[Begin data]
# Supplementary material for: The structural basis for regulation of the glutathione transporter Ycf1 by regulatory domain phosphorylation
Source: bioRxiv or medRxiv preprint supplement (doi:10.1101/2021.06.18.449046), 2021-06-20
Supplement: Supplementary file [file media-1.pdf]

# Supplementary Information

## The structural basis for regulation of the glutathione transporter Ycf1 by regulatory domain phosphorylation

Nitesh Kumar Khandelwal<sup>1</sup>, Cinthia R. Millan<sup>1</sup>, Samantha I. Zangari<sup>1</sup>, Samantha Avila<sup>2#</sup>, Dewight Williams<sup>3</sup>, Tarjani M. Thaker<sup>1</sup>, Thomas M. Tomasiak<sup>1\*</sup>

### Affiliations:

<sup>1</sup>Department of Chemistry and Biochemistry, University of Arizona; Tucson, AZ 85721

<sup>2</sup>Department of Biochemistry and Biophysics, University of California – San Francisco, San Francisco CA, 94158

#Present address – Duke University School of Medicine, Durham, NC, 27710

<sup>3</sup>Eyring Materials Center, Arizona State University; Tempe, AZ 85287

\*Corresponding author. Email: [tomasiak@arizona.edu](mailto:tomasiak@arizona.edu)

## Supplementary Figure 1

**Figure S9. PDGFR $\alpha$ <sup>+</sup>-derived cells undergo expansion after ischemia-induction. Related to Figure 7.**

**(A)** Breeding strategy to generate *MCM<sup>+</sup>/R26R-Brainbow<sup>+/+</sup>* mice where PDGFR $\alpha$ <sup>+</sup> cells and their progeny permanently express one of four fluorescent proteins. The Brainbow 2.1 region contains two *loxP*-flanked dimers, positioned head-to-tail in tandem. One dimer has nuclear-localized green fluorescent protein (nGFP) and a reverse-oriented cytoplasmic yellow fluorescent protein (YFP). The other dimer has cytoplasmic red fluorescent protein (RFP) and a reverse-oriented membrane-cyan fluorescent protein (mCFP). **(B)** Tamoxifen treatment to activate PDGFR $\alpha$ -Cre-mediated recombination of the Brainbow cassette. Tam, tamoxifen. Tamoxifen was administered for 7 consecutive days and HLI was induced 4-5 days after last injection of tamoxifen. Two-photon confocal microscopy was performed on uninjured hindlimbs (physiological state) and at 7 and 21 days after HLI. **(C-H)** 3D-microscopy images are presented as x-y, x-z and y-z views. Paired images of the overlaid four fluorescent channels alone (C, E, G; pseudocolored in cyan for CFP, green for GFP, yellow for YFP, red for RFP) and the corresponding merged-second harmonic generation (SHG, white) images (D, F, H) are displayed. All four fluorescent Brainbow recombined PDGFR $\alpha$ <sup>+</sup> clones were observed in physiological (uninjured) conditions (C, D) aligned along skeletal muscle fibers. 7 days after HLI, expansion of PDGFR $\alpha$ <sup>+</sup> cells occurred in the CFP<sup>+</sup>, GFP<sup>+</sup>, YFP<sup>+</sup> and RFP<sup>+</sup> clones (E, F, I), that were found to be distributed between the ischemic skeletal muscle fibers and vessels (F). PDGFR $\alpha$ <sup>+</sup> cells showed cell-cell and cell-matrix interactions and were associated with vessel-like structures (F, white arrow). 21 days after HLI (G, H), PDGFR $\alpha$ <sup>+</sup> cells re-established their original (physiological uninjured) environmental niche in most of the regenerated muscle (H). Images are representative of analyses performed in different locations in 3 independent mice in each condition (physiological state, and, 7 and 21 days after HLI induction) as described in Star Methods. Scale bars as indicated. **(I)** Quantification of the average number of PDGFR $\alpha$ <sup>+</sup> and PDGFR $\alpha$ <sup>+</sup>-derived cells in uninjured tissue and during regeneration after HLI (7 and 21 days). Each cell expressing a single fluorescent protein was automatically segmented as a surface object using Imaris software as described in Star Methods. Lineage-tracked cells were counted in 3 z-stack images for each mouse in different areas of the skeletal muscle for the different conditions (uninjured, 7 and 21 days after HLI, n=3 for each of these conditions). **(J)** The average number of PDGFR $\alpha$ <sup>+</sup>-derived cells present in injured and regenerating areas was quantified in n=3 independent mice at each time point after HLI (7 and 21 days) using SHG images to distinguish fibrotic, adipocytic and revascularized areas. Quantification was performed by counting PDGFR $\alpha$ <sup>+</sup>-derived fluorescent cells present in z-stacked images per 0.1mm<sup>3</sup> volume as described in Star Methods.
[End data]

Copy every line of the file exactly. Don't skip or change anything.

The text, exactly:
# Supplementary material for: The structural basis for regulation of the glutathione transporter Ycf1 by regulatory domain phosphorylation
Source: bioRxiv or medRxiv preprint supplement (doi:10.1101/2021.06.18.449046), 2021-06-20
Supplement: Supplementary file [file media-1.pdf]

# Supplementary Information

## The structural basis for regulation of the glutathione transporter Ycf1 by regulatory domain phosphorylation

Nitesh Kumar Khandelwal<sup>1</sup>, Cinthia R. Millan<sup>1</sup>, Samantha I. Zangari<sup>1</sup>, Samantha Avila<sup>2#</sup>, Dewight Williams<sup>3</sup>, Tarjani M. Thaker<sup>1</sup>, Thomas M. Tomasiak<sup>1\*</sup>

### Affiliations:

<sup>1</sup>Department of Chemistry and Biochemistry, University of Arizona; Tucson, AZ 85721

<sup>2</sup>Department of Biochemistry and Biophysics, University of California – San Francisco, San Francisco CA, 94158

#Present address – Duke University School of Medicine, Durham, NC, 27710

<sup>3</sup>Eyring Materials Center, Arizona State University; Tempe, AZ 85287

\*Corresponding author. Email: [tomasiak@arizona.edu](mailto:tomasiak@arizona.edu)

## Supplementary Figure 1

**Figure S9. PDGFR $\alpha$ <sup>+</sup>-derived cells undergo expansion after ischemia-induction. Related to Figure 7.**

**(A)** Breeding strategy to generate *MCM<sup>+</sup>/R26R-Brainbow<sup>+/+</sup>* mice where PDGFR $\alpha$ <sup>+</sup> cells and their progeny permanently express one of four fluorescent proteins. The Brainbow 2.1 region contains two *loxP*-flanked dimers, positioned head-to-tail in tandem. One dimer has nuclear-localized green fluorescent protein (nGFP) and a reverse-oriented cytoplasmic yellow fluorescent protein (YFP). The other dimer has cytoplasmic red fluorescent protein (RFP) and a reverse-oriented membrane-cyan fluorescent protein (mCFP). **(B)** Tamoxifen treatment to activate PDGFR $\alpha$ -Cre-mediated recombination of the Brainbow cassette. Tam, tamoxifen. Tamoxifen was administered for 7 consecutive days and HLI was induced 4-5 days after last injection of tamoxifen. Two-photon confocal microscopy was performed on uninjured hindlimbs (physiological state) and at 7 and 21 days after HLI. **(C-H)** 3D-microscopy images are presented as x-y, x-z and y-z views. Paired images of the overlaid four fluorescent channels alone (C, E, G; pseudocolored in cyan for CFP, green for GFP, yellow for YFP, red for RFP) and the corresponding merged-second harmonic generation (SHG, white) images (D, F, H) are displayed. All four fluorescent Brainbow recombined PDGFR $\alpha$ <sup>+</sup> clones were observed in physiological (uninjured) conditions (C, D) aligned along skeletal muscle fibers. 7 days after HLI, expansion of PDGFR $\alpha$ <sup>+</sup> cells occurred in the CFP<sup>+</sup>, GFP<sup>+</sup>, YFP<sup>+</sup> and RFP<sup>+</sup> clones (E, F, I), that were found to be distributed between the ischemic skeletal muscle fibers and vessels (F). PDGFR $\alpha$ <sup>+</sup> cells showed cell-cell and cell-matrix interactions and were associated with vessel-like structures (F, white arrow). 21 days after HLI (G, H), PDGFR $\alpha$ <sup>+</sup> cells re-established their original (physiological uninjured) environmental niche in most of the regenerated muscle (H). Images are representative of analyses performed in different locations in 3 independent mice in each condition (physiological state, and, 7 and 21 days after HLI induction) as described in Star Methods. Scale bars as indicated. **(I)** Quantification of the average number of PDGFR $\alpha$ <sup>+</sup> and PDGFR $\alpha$ <sup>+</sup>-derived cells in uninjured tissue and during regeneration after HLI (7 and 21 days). Each cell expressing a single fluorescent protein was automatically segmented as a surface object using Imaris software as described in Star Methods. Lineage-tracked cells were counted in 3 z-stack images for each mouse in different areas of the skeletal muscle for the different conditions (uninjured, 7 and 21 days after HLI, n=3 for each of these conditions). **(J)** The average number of PDGFR $\alpha$ <sup>+</sup>-derived cells present in injured and regenerating areas was quantified in n=3 independent mice at each time point after HLI (7 and 21 days) using SHG images to distinguish fibrotic, adipocytic and revascularized areas. Quantification was performed by counting PDGFR $\alpha$ <sup>+</sup>-derived fluorescent cells present in z-stacked images per 0.1mm<sup>3</sup> volume as described in Star Methods.